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The California Table Grape Commission’s advertisements and related messaging represent government speech, as opposed to private speech, and the Ketchum Act’s (Cal. Food & Agric. Code 65500) scheme providing that the Commission’s activities are funded by assessments on shipments of California table grapes does not violate Plaintiffs’ rights under Cal. Const. art. I, 2. Plaintiffs, five growers and shippers of California table grapes, brought suit arguing that the collection of assessments under the Act to subsidize promotional speech on behalf of California table grapes as a generic category violates their right to free speech under Cal. Const. art. I, 2(a). Plaintiffs claimed specifically that the table grapes they grow and ship are exceptional and that the assessment scheme requires them to sponsor a viewpoint that they disagree with. The Supreme Court held that Plaintiffs failed to advance a viable claim under article I, section 2. Specifically, the Court held that there was sufficient government responsibility for and control over the messaging at issue for the communications to represent government speech that Plaintiffs can be required to subsidize without implicating their article I, section 2 rights. View "Delano Farms Co. v. California Table Grape Commission" on Justia Law

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The Supreme Court affirmed the judgment of the trial court convicting Defendant of two counts of murder, two counts of attempted murder, the special circumstance of multiple murder, and various enhancements. The Court held (1) the prosecutor did not violate Defendant’s constitutional rights to equal protection and a jury drawn from a fair cross-section of the community by peremptorily excusing five black prospective jurors at the guilt phase; (2) the trial court did not violate Defendant’s constitutional rights under the Sixth Amendment and his right to due process under the Fourteenth Amendment by denying his motion for a continuance; (3) there was sufficient evidence to support Defendant’s convictions; (4) any error in the jury instructions related to eyewitness identification was harmless; (5) the trial court did not err in refusing to instruct the penalty phase retrial jury on lingering doubt; (6) the trial court did not err in not offering supplemental instructions when it was clear that the jury’s verdict was not unanimous; (7) Defendant’s challenges to the penalty phase jury instructions were unavailing; and (8) Defendant’s remaining allegations of error were without merit. View "People v. Reed" on Justia Law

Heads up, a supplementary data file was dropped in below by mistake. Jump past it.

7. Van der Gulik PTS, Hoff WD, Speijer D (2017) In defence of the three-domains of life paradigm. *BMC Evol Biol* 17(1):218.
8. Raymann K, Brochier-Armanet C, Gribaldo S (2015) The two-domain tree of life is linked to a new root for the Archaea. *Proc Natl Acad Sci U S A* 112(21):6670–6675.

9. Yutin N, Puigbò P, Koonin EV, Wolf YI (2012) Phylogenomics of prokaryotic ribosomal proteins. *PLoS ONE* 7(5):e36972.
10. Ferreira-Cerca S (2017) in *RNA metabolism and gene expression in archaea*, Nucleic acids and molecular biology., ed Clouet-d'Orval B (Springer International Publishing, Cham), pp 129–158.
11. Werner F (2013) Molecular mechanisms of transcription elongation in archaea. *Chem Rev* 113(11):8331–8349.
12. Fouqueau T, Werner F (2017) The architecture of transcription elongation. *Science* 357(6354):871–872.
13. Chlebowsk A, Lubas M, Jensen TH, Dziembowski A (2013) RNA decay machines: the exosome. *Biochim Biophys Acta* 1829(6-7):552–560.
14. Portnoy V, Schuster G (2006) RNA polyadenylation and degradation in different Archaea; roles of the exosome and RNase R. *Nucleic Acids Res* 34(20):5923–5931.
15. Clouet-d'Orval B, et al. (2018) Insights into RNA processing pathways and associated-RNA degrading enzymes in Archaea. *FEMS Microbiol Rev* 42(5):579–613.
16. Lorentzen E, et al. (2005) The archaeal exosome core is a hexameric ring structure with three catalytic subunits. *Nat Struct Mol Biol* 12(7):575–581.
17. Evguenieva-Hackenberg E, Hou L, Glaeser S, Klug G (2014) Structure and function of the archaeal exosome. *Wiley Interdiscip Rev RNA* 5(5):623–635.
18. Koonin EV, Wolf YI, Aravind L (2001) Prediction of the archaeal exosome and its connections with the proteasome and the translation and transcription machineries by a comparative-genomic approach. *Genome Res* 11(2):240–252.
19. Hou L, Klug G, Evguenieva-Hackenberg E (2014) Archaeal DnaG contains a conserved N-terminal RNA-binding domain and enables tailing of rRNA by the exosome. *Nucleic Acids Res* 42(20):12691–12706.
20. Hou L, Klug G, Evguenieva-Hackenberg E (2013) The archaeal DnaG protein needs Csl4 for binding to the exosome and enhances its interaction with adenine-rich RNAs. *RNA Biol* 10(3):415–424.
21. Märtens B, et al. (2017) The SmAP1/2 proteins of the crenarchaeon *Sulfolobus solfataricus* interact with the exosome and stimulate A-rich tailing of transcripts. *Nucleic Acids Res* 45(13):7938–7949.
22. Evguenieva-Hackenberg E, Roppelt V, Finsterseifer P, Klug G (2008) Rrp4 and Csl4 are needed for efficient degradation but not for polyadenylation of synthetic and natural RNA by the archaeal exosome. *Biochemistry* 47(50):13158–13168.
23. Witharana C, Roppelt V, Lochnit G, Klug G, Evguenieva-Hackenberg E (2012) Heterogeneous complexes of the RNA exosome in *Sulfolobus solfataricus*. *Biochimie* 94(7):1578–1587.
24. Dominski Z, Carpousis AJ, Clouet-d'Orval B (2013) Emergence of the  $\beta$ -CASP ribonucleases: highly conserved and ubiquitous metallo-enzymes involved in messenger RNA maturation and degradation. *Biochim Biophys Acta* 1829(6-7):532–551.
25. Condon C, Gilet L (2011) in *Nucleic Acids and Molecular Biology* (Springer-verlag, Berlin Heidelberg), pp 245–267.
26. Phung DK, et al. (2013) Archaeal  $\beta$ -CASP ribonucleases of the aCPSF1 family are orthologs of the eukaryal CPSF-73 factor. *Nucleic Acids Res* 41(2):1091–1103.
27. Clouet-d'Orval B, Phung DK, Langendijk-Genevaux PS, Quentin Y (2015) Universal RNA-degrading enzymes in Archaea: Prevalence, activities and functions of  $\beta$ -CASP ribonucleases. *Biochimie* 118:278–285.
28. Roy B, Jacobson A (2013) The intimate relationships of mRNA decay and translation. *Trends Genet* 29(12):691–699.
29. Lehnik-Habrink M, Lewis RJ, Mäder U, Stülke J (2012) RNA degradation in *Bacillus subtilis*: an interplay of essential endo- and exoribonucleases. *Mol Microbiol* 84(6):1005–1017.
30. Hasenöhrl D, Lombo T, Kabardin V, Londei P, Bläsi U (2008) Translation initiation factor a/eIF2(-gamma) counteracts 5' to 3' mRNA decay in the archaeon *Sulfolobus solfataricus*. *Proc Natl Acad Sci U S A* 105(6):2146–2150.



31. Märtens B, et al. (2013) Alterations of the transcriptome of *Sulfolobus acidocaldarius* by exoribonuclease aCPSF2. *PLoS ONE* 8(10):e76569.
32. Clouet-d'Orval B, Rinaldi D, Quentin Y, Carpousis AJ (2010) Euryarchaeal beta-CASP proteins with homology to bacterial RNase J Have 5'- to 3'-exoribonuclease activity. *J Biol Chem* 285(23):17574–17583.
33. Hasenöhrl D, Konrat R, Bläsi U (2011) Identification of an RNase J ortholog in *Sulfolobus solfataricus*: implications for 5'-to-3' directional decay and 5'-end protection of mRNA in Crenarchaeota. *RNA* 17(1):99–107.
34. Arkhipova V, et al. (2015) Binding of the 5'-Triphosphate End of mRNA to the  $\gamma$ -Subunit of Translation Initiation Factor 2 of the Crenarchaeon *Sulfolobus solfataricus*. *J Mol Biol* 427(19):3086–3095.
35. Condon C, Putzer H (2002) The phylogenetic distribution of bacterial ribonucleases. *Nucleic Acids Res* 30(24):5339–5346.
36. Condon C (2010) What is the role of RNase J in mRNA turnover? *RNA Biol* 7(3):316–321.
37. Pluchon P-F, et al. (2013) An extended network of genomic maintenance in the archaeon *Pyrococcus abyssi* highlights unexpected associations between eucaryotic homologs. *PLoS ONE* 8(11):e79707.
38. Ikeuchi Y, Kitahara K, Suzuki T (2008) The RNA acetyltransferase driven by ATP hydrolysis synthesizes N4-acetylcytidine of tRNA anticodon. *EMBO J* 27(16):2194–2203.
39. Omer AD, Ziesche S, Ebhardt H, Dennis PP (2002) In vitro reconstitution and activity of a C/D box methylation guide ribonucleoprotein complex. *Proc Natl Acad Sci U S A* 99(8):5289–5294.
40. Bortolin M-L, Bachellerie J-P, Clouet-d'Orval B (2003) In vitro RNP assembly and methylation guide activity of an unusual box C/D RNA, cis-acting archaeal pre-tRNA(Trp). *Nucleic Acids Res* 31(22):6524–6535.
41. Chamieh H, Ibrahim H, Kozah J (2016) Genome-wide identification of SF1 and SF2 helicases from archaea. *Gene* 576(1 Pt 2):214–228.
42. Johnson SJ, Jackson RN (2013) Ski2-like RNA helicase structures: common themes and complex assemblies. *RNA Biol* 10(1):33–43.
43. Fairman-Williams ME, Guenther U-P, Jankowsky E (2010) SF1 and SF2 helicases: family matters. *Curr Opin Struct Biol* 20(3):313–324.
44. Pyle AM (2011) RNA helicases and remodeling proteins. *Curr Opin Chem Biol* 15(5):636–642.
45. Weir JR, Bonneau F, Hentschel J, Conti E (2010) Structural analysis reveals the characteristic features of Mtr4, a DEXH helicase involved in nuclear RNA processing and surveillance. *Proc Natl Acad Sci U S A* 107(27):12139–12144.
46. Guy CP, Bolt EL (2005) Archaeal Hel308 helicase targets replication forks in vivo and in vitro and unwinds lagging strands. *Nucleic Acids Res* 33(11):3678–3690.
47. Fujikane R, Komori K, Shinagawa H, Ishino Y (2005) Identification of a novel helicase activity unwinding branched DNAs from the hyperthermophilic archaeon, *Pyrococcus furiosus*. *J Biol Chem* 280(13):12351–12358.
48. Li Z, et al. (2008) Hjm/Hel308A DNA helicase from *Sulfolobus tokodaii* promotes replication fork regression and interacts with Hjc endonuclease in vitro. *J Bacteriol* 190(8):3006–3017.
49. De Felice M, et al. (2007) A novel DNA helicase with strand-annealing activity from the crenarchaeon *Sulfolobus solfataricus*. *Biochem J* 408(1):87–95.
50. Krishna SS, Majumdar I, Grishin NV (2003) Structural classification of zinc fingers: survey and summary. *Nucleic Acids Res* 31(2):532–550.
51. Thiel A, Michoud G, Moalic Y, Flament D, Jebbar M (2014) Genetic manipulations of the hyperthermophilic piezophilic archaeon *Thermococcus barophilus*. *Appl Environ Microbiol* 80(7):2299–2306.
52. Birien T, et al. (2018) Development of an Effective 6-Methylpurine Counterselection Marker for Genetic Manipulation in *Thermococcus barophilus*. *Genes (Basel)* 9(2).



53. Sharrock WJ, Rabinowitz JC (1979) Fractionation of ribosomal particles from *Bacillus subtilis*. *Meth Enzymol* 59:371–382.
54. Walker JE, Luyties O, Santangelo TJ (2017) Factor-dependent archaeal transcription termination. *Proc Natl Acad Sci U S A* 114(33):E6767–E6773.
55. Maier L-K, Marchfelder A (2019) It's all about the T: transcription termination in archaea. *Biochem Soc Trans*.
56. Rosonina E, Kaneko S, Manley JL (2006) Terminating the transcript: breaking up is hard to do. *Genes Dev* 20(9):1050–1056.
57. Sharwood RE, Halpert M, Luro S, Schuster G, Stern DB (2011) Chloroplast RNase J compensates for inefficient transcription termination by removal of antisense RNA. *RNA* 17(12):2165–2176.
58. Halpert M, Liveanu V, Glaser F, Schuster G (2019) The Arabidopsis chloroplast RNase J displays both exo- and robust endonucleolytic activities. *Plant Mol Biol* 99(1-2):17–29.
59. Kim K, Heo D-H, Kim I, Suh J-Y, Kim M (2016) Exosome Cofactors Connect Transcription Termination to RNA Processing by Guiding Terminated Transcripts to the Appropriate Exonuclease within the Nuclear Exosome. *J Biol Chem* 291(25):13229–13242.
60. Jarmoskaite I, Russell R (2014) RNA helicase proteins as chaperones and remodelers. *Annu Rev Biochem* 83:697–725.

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The collection requirement of Proposition 69, known as the “DNA Fingerprint, Unsolved Crime and Innocence Protection Act” (DNA Act), is constitutional as applied to an individual who, like Defendant, was validly arrested on “probable cause to hold for a serious offense” and who was required to swab his cheek as part of a “routine booking procedure” at county jail. Defendant was arrested for arson and related felonies and transported to jail. At booking, Defendant was informed that he was required to provide a DNA sample by swabbing the inside of his cheek. Defendant refused and was later convicted of both the arson-related felonies and the misdemeanor offense of refusing to provide a specimen required by the DNA Act. After the case was remanded, the Court of Appeal reversed Defendant’s misdemeanor refusal conviction on the ground that the DNA Act violates the state Constitution’s prohibition on unreasonable searches and seizures. The Supreme Court reversed, holding (1) it was reasonable under both the Fourth Amendment and Cal. Const. art. I, 13 to require Defendant to swab his cheek as part of a routine jail booking procedure following a valid arrest for felony arson; and (2) therefore, Defendant was subject to the statutory penalties prescribed in Cal. Penal Code 298.1. View "People v. Buza" on Justia Law